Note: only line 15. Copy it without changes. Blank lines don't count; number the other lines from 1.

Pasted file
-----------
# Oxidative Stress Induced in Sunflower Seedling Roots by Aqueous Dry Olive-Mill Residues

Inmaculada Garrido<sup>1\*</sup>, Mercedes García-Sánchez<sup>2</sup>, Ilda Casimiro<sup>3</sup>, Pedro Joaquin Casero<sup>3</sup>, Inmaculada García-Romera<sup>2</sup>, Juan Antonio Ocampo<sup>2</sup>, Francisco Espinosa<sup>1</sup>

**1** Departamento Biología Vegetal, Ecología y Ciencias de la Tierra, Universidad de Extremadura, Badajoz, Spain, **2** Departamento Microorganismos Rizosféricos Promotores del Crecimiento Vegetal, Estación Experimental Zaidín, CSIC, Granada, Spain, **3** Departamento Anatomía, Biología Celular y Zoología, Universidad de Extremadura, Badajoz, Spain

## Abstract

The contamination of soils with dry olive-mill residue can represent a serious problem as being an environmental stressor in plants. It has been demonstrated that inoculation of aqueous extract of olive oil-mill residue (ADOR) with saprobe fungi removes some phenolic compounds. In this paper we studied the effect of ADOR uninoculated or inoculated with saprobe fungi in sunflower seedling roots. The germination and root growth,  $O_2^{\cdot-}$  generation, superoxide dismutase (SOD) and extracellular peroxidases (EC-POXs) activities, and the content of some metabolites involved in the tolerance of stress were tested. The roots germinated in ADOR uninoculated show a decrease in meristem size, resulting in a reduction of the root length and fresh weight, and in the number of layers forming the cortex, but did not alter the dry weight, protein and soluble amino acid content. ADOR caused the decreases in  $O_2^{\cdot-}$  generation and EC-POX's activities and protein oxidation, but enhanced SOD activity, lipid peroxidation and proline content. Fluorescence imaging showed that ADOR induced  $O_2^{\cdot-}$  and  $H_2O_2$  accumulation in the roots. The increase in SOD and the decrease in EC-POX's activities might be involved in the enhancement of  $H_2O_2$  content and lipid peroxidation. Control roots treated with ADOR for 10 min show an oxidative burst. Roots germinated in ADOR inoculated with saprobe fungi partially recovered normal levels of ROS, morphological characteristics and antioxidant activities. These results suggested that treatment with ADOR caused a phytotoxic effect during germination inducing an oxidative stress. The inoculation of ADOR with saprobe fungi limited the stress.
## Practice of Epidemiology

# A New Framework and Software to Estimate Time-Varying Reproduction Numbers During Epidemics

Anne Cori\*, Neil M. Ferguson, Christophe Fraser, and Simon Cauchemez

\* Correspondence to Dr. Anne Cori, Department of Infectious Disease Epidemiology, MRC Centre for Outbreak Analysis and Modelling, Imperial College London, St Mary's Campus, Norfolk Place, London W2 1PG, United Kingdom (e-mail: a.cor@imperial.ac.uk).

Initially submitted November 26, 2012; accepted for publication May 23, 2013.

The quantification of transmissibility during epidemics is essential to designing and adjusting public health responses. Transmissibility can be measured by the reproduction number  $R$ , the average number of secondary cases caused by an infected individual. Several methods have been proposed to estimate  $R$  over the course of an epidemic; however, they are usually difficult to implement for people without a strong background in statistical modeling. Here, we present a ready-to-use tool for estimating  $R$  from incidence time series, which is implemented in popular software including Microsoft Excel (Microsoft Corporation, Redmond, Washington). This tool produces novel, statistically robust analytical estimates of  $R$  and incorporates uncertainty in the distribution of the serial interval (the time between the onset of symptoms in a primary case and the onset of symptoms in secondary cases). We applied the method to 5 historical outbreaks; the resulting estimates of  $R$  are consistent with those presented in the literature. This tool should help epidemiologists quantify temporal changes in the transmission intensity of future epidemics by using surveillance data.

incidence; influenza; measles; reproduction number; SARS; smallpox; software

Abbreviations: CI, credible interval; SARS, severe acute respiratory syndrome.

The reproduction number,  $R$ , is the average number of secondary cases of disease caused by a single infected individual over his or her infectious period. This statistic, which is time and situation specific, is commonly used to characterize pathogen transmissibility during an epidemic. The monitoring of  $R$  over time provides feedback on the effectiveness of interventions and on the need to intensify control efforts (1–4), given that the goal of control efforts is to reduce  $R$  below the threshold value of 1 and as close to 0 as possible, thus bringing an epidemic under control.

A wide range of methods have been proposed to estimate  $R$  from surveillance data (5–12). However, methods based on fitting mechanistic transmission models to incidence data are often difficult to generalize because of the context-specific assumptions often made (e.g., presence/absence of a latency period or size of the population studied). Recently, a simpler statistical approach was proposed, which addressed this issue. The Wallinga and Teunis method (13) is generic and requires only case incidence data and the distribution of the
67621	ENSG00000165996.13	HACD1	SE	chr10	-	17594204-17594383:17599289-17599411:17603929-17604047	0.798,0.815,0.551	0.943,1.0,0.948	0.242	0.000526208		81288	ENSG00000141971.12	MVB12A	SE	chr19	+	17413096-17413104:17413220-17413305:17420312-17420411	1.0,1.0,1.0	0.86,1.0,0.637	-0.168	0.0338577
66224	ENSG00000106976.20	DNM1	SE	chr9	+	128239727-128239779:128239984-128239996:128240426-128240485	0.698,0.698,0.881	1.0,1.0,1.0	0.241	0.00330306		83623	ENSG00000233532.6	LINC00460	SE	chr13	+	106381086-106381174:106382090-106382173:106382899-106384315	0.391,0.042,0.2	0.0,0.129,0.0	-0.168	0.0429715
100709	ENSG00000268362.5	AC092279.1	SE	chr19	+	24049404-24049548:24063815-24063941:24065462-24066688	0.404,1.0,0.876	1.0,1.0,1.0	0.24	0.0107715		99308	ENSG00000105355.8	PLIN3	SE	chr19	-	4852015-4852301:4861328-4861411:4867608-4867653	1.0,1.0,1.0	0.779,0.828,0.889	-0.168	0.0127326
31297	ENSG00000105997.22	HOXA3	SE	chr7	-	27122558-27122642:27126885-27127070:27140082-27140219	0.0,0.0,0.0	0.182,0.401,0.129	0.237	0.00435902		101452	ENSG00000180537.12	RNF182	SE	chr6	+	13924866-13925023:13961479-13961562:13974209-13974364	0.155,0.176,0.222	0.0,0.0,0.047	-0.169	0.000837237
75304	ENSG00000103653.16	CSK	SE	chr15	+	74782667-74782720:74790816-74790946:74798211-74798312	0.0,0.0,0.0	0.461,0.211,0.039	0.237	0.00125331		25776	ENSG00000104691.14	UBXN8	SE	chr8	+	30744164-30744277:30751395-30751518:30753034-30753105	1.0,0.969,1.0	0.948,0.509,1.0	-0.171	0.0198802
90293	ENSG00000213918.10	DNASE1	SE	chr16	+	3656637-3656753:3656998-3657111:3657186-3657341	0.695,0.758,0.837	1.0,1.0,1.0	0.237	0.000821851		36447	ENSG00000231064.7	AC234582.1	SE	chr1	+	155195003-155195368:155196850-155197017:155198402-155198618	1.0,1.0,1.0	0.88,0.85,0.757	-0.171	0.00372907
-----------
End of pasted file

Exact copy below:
A wide range of methods have been proposed to estimate  $R$  from surveillance data (5–12). However, methods based on fitting mechanistic transmission models to incidence data are often difficult to generalize because of the context-specific assumptions often made (e.g., presence/absence of a latency period or size of the population studied). Recently, a simpler statistical approach was proposed, which addressed this issue. The Wallinga and Teunis method (13) is generic and requires only case incidence data and the distribution of the